June 25, 2011; Source: Abilene Reporter-News | In Abilene, Texas nonprofits are finding the challenge of raising corporate money more difficult than ever.  Last week, the Giving USA 2011 report said that charitable giving by corporations in 2010 actually rose 10.6 percent.  How does that make sense to groups like the Abilene Education Foundation, whose latest grant from the Citi Foundation was only half of last year’s amount?  As the Education Foundation’s executive director, Jean McMillon, explained, “The gentlemen we go through had contacted me and said they were having to cut their funding.”

It’s not just cutbacks at the big corporations.  The Lawrence Hall Abilene car dealership is cutting back a bit on its local sponsorships and donations.  The problem of local business sponsorships has affected the Abilene Philharmonic Association, which lowered its minimum concert sponsorship threshold from $5,000 to $2,500 because of the business fundraising problem.

The clue to the mystery might be a matter of size.

At the Hudson Institute last week Patrick Rooney, the lead researcher on the Giving USA report made a fascinating remark about the huge swing in charitable bequests, in 2009 a big negative (down 38.7 percent), in 2010 a big positive (increasing by 18.8 percent).  He suggested that the amount and trend in charitable bequests may be determined by the bequests of 300 estates, that those few large bequests determine whether the trend will be positive or negative. 

Is it possible that the decisions of a small number of mammoth corporations basically dictate the direction of corporate giving, regardless of what is happening with the bulk of other businesses, whether nationally or in Abilene?  We checked:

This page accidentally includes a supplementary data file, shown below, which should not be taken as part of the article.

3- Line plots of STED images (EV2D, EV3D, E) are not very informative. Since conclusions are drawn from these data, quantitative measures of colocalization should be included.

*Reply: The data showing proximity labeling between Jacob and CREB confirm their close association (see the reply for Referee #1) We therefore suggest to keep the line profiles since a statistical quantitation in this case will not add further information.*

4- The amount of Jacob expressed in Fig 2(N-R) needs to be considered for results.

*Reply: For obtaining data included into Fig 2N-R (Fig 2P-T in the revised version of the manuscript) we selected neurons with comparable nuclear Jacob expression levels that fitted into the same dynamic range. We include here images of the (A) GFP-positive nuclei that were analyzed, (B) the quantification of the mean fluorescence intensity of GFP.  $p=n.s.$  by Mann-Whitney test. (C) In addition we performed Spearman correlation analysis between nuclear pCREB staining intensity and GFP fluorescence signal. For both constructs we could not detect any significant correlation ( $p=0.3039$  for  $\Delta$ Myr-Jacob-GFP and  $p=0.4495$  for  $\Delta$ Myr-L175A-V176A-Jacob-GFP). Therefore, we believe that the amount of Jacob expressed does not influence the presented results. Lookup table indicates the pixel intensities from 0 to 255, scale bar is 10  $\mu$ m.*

• In a rare study done by a Treasury Department economist on corporate giving in 2002, ninety-five “C corporations” with net incomes over $1 billion accounted for 40 percent of corporate charitable deductions; 10 corporations alone accounted for almost 20 percent. 
  • As we have previously reported, the Conference Board attributed $11 billion in 2007 corporate grantmaking to 197 corporations, the Committee Encouraging Corporate Philanthropy $11.6 billion to only 155 corporations, roughly 70 percent or more of all corporate philanthropy that year. 

Given that a huge and growing proportion of corporate giving reported by Giving USA is from pharmaceutical companies–basically subsidies for people to purchase prescription drugs–it seems possible that their giving has skewed the corporate totals.  What looks like a big increase in corporate giving is actually the pharmaceutical companies, while most of the rest of corporate America is still on the recession-induced philanthropic sidelines.  Add in that many corporations are now doing their “giving” as in-kind product donations, it’s no wonder that the Abilene Education Foundation and the Abilene Philharmonic Association aren’t seeing corporate cash the way they used to. —Rick Cohen